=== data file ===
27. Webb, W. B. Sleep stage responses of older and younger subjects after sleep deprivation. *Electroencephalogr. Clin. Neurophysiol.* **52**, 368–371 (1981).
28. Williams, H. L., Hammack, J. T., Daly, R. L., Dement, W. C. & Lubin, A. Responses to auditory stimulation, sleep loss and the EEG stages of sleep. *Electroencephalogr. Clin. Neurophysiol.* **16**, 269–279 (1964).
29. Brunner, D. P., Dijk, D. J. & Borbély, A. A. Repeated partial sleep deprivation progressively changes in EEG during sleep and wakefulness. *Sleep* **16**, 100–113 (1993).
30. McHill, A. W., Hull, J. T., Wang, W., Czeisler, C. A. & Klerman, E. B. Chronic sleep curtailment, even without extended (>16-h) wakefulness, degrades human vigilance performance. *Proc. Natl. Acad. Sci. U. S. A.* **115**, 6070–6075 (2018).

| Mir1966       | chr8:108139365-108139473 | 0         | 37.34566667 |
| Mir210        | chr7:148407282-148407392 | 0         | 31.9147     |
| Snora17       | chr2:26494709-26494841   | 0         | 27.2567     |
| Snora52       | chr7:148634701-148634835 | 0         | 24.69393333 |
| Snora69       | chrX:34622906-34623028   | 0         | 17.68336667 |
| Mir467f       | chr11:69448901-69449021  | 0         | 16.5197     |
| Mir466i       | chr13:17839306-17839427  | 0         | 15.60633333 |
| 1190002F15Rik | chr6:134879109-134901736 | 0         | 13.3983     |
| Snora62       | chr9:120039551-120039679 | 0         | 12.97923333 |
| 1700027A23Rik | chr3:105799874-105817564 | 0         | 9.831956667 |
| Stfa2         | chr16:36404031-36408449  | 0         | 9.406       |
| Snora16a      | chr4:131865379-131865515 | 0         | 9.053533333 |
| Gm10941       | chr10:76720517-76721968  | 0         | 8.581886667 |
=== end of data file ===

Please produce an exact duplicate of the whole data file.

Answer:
27. Webb, W. B. Sleep stage responses of older and younger subjects after sleep deprivation. *Electroencephalogr. Clin. Neurophysiol.* **52**, 368–371 (1981).
28. Williams, H. L., Hammack, J. T., Daly, R. L., Dement, W. C. & Lubin, A. Responses to auditory stimulation, sleep loss and the EEG stages of sleep. *Electroencephalogr. Clin. Neurophysiol.* **16**, 269–279 (1964).
29. Brunner, D. P., Dijk, D. J. & Borbély, A. A. Repeated partial sleep deprivation progressively changes in EEG during sleep and wakefulness. *Sleep* **16**, 100–113 (1993).
30. McHill, A. W., Hull, J. T., Wang, W., Czeisler, C. A. & Klerman, E. B. Chronic sleep curtailment, even without extended (>16-h) wakefulness, degrades human vigilance performance. *Proc. Natl. Acad. Sci. U. S. A.* **115**, 6070–6075 (2018).

| Mir1966       | chr8:108139365-108139473 | 0         | 37.34566667 |
| Mir210        | chr7:148407282-148407392 | 0         | 31.9147     |
| Snora17       | chr2:26494709-26494841   | 0         | 27.2567     |
| Snora52       | chr7:148634701-148634835 | 0         | 24.69393333 |
| Snora69       | chrX:34622906-34623028   | 0         | 17.68336667 |
| Mir467f       | chr11:69448901-69449021  | 0         | 16.5197     |
| Mir466i       | chr13:17839306-17839427  | 0         | 15.60633333 |
| 1190002F15Rik | chr6:134879109-134901736 | 0         | 13.3983     |
| Snora62       | chr9:120039551-120039679 | 0         | 12.97923333 |
| 1700027A23Rik | chr3:105799874-105817564 | 0         | 9.831956667 |
| Stfa2         | chr16:36404031-36408449  | 0         | 9.406       |
| Snora16a      | chr4:131865379-131865515 | 0         | 9.053533333 |
| Gm10941       | chr10:76720517-76721968  | 0         | 8.581886667 |